Monday, July 23, 2012

Roll away the Stone

     Writing is therapeutic for me. It’s a healthy escape from reality, if there is such a thing. Over the past several months I have been working on something a little different than anything I’ve ever written. I’ve been writing my testimony for Celebrate Recovery.
     One of the 12 steps in this Christ-Centered recovery program involves writing out an inventory of my life. And it’s definitely a healing thing to write out one’s life and look at it all. For someone like me who lived in denial for so long, to start writing about my life with no façade in the way started to bring out things. As I wrote and read what I wrote I began to see connections and patterns of self-destructive behavior and their origins. I was supposed to do this inventory when I did the 12 steps for the first time a few years ago but didn’t fully get it. Only now as I’m writing my testimony is it all working for me. It really is like putting together a puzzle and suddenly seeing the big picture of my life. I’m seeing not only what I’ve done in my life, but what God has done.
     Before I was a writer I still made up stories. Then there came a time in my life when I started to avoid the real world and live more in my made-up worlds. I created worlds with my toy cars and spaceships. Back then toy spaceships weren’t sold in stores. I used hairbrushes, bottle caps, and other items that looked right. One might think that a robust imagination was healthy, but not how I used it. Not only did I make up stories, I convinced myself that I was an alien from another planet. Instead of trying to get along in the real world, I watched the skies and waited for my people to come and take me home. Living outside of the real world carried over into my adult life. It was dormant for years until crisis took the forefront of everything and I fell right back into denial of reality.
     Saved to my laptop right now is every word of this entry so far. (I hit the save icon often, sometimes with every sip of coffee.) But there are also folders of fiction stories, two of which are almost novel-length. They are created out of my imagination. Also saved is the testimony I’ve been working on for months. I rarely plan and outline writing the way I did with this. And since I called it completed two months ago, I have gone back and revised and polished it. This Friday I am reading it aloud at the Celebrate Recovery meeting.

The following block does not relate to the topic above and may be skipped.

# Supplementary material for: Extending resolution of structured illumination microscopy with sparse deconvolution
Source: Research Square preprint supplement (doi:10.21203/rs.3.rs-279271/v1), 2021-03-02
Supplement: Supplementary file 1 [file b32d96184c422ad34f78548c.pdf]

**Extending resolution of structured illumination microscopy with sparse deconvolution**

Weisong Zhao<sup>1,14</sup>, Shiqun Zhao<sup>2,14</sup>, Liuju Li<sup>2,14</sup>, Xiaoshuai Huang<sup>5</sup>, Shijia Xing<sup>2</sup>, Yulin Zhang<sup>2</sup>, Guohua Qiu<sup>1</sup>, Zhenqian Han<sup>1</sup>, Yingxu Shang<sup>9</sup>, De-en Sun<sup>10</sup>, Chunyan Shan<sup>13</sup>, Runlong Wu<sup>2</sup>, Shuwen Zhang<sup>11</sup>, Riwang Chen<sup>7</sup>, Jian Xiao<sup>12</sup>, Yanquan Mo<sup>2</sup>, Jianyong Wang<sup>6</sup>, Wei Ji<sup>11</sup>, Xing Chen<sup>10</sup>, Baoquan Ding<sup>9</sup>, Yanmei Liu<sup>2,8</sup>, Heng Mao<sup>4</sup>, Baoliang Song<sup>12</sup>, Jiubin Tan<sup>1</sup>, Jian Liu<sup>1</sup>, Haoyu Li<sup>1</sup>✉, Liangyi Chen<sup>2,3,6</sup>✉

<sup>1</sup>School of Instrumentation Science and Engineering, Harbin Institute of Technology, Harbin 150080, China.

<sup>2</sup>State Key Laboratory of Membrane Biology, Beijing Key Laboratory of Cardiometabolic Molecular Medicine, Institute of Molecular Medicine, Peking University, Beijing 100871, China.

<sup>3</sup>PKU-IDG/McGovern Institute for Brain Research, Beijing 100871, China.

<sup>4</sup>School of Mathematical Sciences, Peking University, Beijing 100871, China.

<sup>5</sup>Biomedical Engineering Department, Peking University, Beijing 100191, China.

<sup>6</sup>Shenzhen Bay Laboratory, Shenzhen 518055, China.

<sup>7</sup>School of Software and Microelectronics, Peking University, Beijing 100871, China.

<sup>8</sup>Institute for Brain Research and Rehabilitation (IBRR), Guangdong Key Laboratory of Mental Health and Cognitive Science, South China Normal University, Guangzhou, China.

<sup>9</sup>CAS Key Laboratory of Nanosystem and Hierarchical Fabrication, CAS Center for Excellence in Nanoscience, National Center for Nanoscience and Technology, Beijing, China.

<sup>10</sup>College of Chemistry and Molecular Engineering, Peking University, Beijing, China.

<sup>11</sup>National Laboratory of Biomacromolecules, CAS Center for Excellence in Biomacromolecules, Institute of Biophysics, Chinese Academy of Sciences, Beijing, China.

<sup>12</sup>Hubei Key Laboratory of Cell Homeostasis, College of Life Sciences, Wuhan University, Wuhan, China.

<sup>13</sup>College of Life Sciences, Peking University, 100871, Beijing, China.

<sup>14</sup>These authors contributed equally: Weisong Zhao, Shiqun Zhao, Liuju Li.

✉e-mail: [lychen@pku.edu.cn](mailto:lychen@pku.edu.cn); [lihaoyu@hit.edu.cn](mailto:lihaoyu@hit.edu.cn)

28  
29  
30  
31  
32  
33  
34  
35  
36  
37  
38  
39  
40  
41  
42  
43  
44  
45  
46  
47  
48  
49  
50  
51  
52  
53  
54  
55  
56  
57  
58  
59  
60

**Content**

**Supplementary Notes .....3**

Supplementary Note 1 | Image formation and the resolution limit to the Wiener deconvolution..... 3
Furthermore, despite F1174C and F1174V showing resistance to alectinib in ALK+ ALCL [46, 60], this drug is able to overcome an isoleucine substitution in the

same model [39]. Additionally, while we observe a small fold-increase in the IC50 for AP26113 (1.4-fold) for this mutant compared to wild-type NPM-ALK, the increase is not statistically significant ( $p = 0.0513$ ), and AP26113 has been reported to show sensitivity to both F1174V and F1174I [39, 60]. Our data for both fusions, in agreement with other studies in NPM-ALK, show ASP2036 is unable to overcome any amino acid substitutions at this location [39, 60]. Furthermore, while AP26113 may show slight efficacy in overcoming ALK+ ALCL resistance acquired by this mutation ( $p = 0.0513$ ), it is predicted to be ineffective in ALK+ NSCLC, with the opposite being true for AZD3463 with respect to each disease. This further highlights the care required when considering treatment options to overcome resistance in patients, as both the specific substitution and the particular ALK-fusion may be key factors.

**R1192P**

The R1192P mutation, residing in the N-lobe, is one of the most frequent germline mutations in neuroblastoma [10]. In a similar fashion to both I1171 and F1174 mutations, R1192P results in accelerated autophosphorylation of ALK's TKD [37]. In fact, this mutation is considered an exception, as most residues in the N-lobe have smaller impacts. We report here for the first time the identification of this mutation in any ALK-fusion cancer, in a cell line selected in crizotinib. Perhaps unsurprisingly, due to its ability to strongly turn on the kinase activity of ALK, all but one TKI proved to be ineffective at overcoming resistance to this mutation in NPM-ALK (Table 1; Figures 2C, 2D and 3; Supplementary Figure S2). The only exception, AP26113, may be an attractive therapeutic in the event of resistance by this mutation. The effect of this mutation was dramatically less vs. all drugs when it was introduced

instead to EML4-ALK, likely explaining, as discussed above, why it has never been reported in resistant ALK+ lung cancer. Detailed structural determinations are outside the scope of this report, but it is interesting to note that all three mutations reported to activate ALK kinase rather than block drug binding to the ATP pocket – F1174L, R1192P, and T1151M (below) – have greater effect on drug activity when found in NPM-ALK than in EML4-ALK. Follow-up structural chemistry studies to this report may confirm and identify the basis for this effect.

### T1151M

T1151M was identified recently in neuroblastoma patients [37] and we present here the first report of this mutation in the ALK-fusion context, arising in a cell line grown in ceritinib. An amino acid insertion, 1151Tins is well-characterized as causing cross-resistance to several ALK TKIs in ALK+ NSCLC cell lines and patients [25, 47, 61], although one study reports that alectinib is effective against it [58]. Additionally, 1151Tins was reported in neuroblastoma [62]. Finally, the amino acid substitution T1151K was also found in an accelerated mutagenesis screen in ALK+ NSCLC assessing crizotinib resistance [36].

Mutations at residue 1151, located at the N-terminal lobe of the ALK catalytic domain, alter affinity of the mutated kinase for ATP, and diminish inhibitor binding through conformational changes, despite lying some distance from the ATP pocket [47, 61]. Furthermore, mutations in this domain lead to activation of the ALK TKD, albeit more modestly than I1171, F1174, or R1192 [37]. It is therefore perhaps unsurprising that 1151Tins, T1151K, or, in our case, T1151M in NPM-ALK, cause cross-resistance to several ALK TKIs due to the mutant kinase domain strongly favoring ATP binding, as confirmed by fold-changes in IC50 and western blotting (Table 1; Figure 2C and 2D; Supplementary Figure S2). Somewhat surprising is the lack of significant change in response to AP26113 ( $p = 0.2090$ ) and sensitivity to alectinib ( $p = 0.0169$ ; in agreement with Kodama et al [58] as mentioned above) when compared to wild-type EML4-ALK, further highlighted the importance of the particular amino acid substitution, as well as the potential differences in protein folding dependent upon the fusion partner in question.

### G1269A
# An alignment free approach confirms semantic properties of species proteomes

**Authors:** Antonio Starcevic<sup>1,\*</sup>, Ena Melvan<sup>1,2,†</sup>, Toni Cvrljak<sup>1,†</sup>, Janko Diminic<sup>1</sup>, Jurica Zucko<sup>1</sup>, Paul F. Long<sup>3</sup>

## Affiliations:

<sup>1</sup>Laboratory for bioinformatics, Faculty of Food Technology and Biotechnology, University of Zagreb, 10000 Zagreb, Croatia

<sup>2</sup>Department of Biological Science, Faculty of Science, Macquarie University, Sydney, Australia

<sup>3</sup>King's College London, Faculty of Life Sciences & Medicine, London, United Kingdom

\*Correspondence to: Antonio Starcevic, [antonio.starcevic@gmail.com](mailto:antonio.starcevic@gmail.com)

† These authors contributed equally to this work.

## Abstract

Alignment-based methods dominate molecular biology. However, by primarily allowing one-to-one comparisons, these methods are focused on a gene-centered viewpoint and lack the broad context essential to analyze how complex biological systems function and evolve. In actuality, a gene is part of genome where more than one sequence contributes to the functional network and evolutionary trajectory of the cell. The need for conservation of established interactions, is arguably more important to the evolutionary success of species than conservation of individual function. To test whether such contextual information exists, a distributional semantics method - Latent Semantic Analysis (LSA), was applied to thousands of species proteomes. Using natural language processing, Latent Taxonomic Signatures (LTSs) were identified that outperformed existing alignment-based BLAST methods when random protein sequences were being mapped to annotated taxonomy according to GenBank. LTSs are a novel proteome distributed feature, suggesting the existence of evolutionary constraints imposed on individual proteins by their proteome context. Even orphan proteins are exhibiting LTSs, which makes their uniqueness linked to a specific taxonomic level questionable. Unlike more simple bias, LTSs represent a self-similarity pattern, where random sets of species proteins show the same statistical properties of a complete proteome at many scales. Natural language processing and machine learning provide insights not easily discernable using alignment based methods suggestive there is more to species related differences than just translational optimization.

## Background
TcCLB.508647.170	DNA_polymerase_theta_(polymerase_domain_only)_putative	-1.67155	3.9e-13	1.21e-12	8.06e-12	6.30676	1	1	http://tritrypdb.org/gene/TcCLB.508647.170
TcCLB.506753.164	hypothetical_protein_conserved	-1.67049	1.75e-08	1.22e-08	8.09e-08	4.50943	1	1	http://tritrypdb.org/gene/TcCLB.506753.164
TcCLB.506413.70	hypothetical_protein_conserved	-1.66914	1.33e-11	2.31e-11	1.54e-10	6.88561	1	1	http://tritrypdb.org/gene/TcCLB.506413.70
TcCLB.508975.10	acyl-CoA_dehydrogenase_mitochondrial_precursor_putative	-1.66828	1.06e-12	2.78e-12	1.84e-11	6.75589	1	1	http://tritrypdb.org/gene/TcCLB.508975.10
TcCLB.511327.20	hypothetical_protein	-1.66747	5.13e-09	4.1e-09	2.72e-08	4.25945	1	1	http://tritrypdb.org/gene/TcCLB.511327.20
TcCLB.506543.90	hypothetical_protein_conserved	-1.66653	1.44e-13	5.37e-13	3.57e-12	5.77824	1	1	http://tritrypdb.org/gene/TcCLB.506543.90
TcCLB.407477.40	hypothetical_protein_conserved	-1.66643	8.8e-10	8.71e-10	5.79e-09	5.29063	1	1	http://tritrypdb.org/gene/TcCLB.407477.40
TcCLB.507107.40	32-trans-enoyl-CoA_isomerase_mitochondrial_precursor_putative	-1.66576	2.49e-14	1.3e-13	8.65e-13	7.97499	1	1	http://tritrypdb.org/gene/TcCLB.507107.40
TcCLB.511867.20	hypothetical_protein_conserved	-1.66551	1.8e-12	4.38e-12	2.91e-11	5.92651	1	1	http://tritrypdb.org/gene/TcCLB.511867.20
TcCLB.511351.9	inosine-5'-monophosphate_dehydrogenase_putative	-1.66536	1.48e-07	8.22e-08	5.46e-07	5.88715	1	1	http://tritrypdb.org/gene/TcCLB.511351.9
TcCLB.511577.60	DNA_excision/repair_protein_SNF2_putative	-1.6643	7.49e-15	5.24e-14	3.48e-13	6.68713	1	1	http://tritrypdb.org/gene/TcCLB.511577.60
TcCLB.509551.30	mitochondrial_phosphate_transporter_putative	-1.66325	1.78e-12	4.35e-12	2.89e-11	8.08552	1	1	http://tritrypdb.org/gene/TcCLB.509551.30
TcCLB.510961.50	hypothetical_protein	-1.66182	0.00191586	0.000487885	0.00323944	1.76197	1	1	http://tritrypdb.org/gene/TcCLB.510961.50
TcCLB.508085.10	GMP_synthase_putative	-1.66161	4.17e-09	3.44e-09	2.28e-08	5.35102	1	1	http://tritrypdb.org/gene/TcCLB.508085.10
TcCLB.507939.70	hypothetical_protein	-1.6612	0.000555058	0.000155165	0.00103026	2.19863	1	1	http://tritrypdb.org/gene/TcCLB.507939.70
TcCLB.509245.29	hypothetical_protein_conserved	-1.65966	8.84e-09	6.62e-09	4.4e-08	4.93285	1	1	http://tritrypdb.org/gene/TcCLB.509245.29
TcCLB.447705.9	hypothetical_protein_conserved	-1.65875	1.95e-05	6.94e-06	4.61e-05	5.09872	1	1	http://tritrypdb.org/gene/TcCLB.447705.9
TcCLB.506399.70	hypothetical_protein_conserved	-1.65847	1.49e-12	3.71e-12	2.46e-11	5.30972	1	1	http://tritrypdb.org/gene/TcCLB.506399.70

I don’t know how I could have written this testimony without practicing some vulnerability here on my blog. Some weeks I get somewhat personal. My testimony does too.
But that openness is a small thing compared to the healing I’ve experienced in taking the time to write my testimony out and see the pieces put together.  I have shared a bit about how four years ago I was in a bad way. I was entrenched in self-destructive behavior, living in denial and spiritually dead. I was just walking around refusing help. Jesus could have come up and offered to help raise me up and I would have told him no. I would have said that I wasn’t deserving of any help and besides, there would be an awful stench if my problems were exposed to the world. But somehow (people must have been praying for me) it happened anyway. The stone was rolled away.
I didn’t realize most of this until very recently when I started writing it all out. I think I might have been aware somehow of how blessed I was, but there are some astounding things I finally grasped. I will share it Friday night and put into my blog too someday.
I don’t like ending my blog posts with an entreaty like a homework request. But there are a few things I want to mention.
First, anyone can come and hear my testimony Friday night if they want to. I am thankful to so many people for quietly believing in me and being with me before I started the healing. I don’t know how else to thank them all.
 My second item up for bid is just me saying what works for me. Not just journaling or writing, even though anybody can do that too. But there is so much brokenness out there and there is healing. If I learned anything in my recovery it’s that I can’t do it alone. But it works. I’m getting better.
Thanks for letting me share.

     Celebrate Recovery meets at Yucaipa Christian Church every Monday and Friday at 7:00 p.m.  12954 Bryant Street, Yucaipa